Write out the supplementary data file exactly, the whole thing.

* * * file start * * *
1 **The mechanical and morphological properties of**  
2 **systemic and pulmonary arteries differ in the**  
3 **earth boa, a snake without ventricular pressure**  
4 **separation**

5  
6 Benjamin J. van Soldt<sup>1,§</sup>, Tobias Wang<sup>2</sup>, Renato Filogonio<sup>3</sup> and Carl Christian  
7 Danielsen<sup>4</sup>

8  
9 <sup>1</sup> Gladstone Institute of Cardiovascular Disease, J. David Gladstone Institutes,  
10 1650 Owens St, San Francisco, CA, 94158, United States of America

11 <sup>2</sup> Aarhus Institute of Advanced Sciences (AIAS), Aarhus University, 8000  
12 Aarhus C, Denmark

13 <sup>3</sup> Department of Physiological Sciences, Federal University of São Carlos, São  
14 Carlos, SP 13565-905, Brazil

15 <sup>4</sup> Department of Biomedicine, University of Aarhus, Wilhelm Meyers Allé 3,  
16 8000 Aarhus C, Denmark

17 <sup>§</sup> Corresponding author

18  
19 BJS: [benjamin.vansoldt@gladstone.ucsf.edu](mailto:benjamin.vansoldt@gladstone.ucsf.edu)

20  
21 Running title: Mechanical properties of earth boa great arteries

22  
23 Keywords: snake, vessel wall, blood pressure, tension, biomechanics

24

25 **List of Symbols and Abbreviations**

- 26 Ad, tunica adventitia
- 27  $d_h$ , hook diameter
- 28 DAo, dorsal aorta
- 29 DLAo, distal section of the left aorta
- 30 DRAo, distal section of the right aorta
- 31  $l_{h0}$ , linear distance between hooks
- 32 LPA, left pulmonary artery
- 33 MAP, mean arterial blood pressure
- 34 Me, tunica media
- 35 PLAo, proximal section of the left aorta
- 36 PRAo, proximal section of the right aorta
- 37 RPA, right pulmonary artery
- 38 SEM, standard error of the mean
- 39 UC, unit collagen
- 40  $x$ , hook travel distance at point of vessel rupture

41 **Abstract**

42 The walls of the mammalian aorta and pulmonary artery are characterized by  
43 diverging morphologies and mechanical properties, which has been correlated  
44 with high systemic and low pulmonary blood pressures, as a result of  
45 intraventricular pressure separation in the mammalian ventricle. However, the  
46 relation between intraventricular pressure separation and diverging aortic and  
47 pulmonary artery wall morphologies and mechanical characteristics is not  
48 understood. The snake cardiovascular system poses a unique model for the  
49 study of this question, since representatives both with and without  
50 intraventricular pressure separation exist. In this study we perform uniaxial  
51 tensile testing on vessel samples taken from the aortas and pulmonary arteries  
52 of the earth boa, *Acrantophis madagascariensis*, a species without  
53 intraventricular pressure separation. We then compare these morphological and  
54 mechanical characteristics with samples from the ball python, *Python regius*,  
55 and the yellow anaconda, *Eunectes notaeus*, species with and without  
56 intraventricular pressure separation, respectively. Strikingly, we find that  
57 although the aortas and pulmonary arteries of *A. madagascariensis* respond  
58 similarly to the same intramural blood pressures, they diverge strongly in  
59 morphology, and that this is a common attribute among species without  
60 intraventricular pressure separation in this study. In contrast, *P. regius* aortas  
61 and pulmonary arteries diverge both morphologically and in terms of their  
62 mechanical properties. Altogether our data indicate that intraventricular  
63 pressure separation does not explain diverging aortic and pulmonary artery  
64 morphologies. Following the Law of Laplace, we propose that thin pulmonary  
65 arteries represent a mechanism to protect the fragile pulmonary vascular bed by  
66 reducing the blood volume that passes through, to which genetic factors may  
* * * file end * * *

1 **The mechanical and morphological properties of**  
2 **systemic and pulmonary arteries differ in the**  
3 **earth boa, a snake without ventricular pressure**  
4 **separation**

5  
6 Benjamin J. van Soldt<sup>1,§</sup>, Tobias Wang<sup>2</sup>, Renato Filogonio<sup>3</sup> and Carl Christian  
7 Danielsen<sup>4</sup>

8  
9 <sup>1</sup> Gladstone Institute of Cardiovascular Disease, J. David Gladstone Institutes,  
10 1650 Owens St, San Francisco, CA, 94158, United States of America

11 <sup>2</sup> Aarhus Institute of Advanced Sciences (AIAS), Aarhus University, 8000  
12 Aarhus C, Denmark

13 <sup>3</sup> Department of Physiological Sciences, Federal University of São Carlos, São  
14 Carlos, SP 13565-905, Brazil

15 <sup>4</sup> Department of Biomedicine, University of Aarhus, Wilhelm Meyers Allé 3,  
16 8000 Aarhus C, Denmark

17 <sup>§</sup> Corresponding author

18  
19 BJS: [benjamin.vansoldt@gladstone.ucsf.edu](mailto:benjamin.vansoldt@gladstone.ucsf.edu)

20  
21 Running title: Mechanical properties of earth boa great arteries

22  
23 Keywords: snake, vessel wall, blood pressure, tension, biomechanics

24

25 **List of Symbols and Abbreviations**

- 26 Ad, tunica adventitia
- 27  $d_h$ , hook diameter
- 28 DAo, dorsal aorta
- 29 DLAo, distal section of the left aorta
- 30 DRAo, distal section of the right aorta
- 31  $l_{h0}$ , linear distance between hooks
- 32 LPA, left pulmonary artery
- 33 MAP, mean arterial blood pressure
- 34 Me, tunica media
- 35 PLAo, proximal section of the left aorta
- 36 PRAo, proximal section of the right aorta
- 37 RPA, right pulmonary artery
- 38 SEM, standard error of the mean
- 39 UC, unit collagen
- 40  $x$ , hook travel distance at point of vessel rupture

41 **Abstract**

42 The walls of the mammalian aorta and pulmonary artery are characterized by  
43 diverging morphologies and mechanical properties, which has been correlated  
44 with high systemic and low pulmonary blood pressures, as a result of  
45 intraventricular pressure separation in the mammalian ventricle. However, the  
46 relation between intraventricular pressure separation and diverging aortic and  
47 pulmonary artery wall morphologies and mechanical characteristics is not  
48 understood. The snake cardiovascular system poses a unique model for the  
49 study of this question, since representatives both with and without  
50 intraventricular pressure separation exist. In this study we perform uniaxial  
51 tensile testing on vessel samples taken from the aortas and pulmonary arteries  
52 of the earth boa, *Acrantophis madagascariensis*, a species without  
53 intraventricular pressure separation. We then compare these morphological and  
54 mechanical characteristics with samples from the ball python, *Python regius*,  
55 and the yellow anaconda, *Eunectes notaeus*, species with and without  
56 intraventricular pressure separation, respectively. Strikingly, we find that  
57 although the aortas and pulmonary arteries of *A. madagascariensis* respond  
58 similarly to the same intramural blood pressures, they diverge strongly in  
59 morphology, and that this is a common attribute among species without  
60 intraventricular pressure separation in this study. In contrast, *P. regius* aortas  
61 and pulmonary arteries diverge both morphologically and in terms of their  
62 mechanical properties. Altogether our data indicate that intraventricular  
63 pressure separation does not explain diverging aortic and pulmonary artery  
64 morphologies. Following the Law of Laplace, we propose that thin pulmonary  
65 arteries represent a mechanism to protect the fragile pulmonary vascular bed by  
66 reducing the blood volume that passes through, to which genetic factors may  